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Rural EMS Faces Challenges in Illinois


Even if lawmakers may not always realize the consequences for rural areas if Emergency Medical Services troubles aren’t addressed, operations fold, and rural residents have to rely on help from bigger cities, State Rep. Don Moffitt appreciates how everyday people get it.

Moffitt, a Galesburg Republican, said, “One elderly gentleman from the Arthur, Ill., area pointed out problems with distance and delays if people in the country have to rely on towns – in his case on Charleston or Mattoon. He said that’d mean waiting 30 minutes or so for an ambulance, and ‘Two Amish boys in a buckboard would get there faster’.”

The lifesaving Emergency Medical Services (EMS) are as important to communities as police and fire, and when people call 911, they think someone will answer and send help. However, Illinois’ rural EMS system is straining amid ongoing demand, rising costs, falling support and a declining pool of volunteers.

Today’s rural situation is reminiscent of the 1930s, when the distance between fewer customers discouraged power companies from expanding there, leading to the establishment of electric cooperatives to meet the need. Greater distance also means higher mileage and fuel costs, longer response times, and fewer calls from lower populations. State insurer payments and reimbursements from Medicaid (cut 2.7% last summer) are delayed six months to a year; the state owes about $20 million to EMS providers, and there are 400+ in Illinois.

So, some EMS outfits – municipal or county, hospital or fire department, volunteer organizations, or for-profit and nonprofit enterprises – are hundreds of thousands of dollars behind their budgets and forced to borrow to meet costs. Also, the money crunch, staff shortages and so on can result in delayed arrivals or missed calls; old equipment or vehicles can’t be replaced or updated; and it’s increasingly difficult to get and keep qualified personnel – especially unpaid volunteers.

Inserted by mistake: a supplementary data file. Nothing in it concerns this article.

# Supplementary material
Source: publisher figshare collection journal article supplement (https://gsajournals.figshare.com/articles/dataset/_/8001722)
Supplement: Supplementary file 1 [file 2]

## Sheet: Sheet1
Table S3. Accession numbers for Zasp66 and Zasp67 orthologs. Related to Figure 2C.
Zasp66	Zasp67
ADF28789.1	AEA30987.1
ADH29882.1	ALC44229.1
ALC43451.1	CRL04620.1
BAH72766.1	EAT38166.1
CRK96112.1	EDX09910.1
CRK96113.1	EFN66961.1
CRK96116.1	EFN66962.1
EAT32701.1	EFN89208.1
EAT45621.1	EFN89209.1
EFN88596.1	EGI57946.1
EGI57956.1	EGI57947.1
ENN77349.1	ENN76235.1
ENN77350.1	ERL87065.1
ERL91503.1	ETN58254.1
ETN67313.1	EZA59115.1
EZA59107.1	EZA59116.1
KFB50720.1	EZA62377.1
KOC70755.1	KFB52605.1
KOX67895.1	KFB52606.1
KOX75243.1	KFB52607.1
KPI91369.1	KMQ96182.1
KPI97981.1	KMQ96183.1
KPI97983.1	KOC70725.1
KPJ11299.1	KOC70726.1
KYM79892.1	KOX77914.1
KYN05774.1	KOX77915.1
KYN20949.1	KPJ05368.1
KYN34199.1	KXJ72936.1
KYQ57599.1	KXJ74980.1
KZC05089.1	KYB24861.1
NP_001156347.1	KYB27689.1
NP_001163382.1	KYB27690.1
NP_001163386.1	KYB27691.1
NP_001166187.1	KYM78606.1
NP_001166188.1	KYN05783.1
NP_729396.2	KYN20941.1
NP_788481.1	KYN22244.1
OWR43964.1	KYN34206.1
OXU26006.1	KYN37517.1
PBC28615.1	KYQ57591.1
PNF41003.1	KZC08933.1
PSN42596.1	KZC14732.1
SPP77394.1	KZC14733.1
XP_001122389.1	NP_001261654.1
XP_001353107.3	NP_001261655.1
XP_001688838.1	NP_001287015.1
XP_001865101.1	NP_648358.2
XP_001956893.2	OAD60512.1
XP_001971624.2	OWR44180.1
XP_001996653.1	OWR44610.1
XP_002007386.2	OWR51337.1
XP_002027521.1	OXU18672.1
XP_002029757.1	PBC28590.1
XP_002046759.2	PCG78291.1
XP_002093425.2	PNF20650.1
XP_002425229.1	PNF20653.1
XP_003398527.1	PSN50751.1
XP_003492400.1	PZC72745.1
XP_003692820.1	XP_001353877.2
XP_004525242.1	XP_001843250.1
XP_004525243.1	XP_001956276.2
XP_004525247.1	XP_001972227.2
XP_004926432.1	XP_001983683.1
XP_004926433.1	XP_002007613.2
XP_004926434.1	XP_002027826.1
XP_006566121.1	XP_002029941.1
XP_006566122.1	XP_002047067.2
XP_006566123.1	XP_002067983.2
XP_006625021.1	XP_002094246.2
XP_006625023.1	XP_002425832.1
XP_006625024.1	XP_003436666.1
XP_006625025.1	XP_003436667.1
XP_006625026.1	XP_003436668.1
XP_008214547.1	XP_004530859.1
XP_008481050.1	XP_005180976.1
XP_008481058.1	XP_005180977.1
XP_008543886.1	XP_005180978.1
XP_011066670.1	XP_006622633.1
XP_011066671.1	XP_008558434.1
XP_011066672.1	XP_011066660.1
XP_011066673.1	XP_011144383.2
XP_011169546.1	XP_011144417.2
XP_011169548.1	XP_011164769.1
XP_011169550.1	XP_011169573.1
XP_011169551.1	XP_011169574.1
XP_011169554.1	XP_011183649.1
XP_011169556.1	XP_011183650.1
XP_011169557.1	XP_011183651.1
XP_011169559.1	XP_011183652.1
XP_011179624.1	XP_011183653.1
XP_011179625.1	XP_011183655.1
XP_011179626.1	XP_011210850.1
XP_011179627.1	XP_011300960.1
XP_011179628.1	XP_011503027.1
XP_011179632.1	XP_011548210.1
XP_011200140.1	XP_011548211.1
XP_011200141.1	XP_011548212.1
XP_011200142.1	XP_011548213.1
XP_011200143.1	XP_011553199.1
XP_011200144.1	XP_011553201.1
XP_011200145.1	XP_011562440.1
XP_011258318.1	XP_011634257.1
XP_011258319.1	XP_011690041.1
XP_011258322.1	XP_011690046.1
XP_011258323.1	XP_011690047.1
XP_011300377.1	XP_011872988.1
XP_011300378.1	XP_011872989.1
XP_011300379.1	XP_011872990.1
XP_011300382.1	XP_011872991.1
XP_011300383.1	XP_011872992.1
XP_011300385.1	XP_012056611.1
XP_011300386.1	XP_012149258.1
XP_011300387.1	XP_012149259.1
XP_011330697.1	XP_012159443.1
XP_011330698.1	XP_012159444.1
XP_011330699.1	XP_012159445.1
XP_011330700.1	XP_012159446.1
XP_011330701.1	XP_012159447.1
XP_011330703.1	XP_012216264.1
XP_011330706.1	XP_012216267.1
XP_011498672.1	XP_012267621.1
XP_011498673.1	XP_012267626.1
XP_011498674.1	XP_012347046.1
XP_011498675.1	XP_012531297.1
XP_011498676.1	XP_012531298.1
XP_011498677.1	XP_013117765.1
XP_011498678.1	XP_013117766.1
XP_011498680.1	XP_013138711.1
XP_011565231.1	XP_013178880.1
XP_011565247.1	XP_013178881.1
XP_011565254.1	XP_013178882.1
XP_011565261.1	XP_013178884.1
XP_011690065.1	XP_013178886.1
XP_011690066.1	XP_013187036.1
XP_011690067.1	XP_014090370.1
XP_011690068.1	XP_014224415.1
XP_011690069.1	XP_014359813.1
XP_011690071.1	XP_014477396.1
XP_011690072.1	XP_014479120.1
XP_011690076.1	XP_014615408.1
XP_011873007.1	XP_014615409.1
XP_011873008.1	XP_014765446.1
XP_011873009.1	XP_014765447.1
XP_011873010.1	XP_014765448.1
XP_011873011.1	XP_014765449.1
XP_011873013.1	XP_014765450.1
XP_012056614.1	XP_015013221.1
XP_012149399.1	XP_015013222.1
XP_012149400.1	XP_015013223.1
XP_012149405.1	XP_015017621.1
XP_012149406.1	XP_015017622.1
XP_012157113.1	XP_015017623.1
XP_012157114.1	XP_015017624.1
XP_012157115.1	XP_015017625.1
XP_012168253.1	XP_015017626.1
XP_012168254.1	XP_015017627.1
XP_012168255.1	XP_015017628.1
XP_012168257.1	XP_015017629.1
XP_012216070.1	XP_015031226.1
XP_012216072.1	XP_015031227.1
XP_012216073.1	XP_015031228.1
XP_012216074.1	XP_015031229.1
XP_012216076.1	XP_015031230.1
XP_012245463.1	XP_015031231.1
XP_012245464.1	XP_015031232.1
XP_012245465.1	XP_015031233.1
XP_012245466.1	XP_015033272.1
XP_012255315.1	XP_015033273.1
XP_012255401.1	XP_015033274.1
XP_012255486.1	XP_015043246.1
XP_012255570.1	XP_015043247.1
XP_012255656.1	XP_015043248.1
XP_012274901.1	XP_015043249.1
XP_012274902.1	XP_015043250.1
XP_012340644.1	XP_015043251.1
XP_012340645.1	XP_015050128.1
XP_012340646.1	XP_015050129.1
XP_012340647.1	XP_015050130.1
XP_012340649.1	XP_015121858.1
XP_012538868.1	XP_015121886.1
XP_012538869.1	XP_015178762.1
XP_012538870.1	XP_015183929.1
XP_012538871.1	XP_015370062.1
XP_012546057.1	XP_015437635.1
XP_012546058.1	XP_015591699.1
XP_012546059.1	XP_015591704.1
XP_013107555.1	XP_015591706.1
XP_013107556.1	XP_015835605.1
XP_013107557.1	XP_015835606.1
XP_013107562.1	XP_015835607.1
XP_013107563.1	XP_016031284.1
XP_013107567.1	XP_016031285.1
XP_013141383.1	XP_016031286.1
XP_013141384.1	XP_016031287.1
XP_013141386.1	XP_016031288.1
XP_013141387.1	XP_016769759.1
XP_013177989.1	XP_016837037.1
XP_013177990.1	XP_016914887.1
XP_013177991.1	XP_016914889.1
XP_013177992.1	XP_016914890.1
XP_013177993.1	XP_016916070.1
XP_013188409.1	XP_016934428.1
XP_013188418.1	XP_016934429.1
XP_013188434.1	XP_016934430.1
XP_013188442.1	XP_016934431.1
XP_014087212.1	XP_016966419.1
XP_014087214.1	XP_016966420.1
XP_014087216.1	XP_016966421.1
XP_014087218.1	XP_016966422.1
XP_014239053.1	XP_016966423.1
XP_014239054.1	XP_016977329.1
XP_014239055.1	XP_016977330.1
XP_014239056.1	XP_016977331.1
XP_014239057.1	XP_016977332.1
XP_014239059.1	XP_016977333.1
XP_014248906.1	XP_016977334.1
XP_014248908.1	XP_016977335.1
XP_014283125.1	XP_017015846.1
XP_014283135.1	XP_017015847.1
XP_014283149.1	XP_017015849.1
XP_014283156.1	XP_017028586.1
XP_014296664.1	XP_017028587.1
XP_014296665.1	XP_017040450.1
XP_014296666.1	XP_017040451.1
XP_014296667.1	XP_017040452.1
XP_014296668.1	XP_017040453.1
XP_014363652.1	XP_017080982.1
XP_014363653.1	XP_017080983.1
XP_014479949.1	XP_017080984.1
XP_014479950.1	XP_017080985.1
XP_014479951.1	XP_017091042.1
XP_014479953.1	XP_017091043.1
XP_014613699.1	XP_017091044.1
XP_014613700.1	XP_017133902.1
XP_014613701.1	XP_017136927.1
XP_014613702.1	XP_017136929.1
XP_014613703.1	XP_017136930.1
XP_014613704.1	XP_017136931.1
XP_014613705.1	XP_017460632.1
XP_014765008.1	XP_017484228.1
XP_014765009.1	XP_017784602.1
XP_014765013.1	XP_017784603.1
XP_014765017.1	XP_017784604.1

Moffitt, who co-chaired the Illinois House’s bipartisan Emergency Medical Services Task Force, said, “Small towns’ employment base has dwindled so populations have dropped, and the volunteers aren’t there like they used to be. The state required two [paramedics] and some places just don’t have two available.”

Now, after thousands of miles, 17 hearings and a year’s work, that task force and the Governor’s Rural Affairs Council are pushing for reforms in the General Assembly’s spring legislative session.

Besides explicitly making EMS a priority, the groups’ recommendations include relaxing requirements to recognize skills (making Registered Nurses, veterans with medical training, and so on eligible to become volunteers or staff); allowing local referenda to create ambulance tax districts; offering 0% bridge loans to local EMS; increasing Medicaid rates and making faster payments; dedicating a better, $40 million funding source from gaming revenues (in addition to the $46 million now earmarked for several agriculture programs); setting up tax credits for rural EMS volunteers; starting to gauge staff competency instead of requiring 30 hours of training a year; and setting annual meetings of EMS stakeholders to plan future lobbying efforts.

Already, the Illinois Department of Public Health (IDPH) is reforming rules to accommodate alternate staffing and meet-at-the-scene policies so one paramedic could meet a first-responder such as a police officer at emergencies.

Moffitt and Task Force co-chair Lisa Dugan, the Democratic state Representative from Kankakee, led 22 House members, including Quincy Republican Jil Tracy and Aurora Democrat Linda Chapa LaVia. The task force held public hearings throughout the state, including stops in Canton, Galesburg, Macomb and Quincy.

Elsewhere, dealing with Emergency Medical Services became one of three goals of the Governor’s Rural Affairs Council, which last year – with Lt. Gov. Sheila Simon’s Strategic Planning Working Group – did its fact-finding, including surveys and several “listening post” hearings throughout the state about rural EMS and also existing state programs that can help rural residents, and initiatives to improve services to rural areas.

Illinoisans spoke up; legislators listened; now it’s up to the General Assembly and Governor to act.

Hopefully, the legislature can move fast. Maybe they can outpace a kid in a buckboard.

Bill Knight’s newspaper columns are archived at

The opinions expressed are not necessarily those of Tri States Public Radio or Western Illinois University.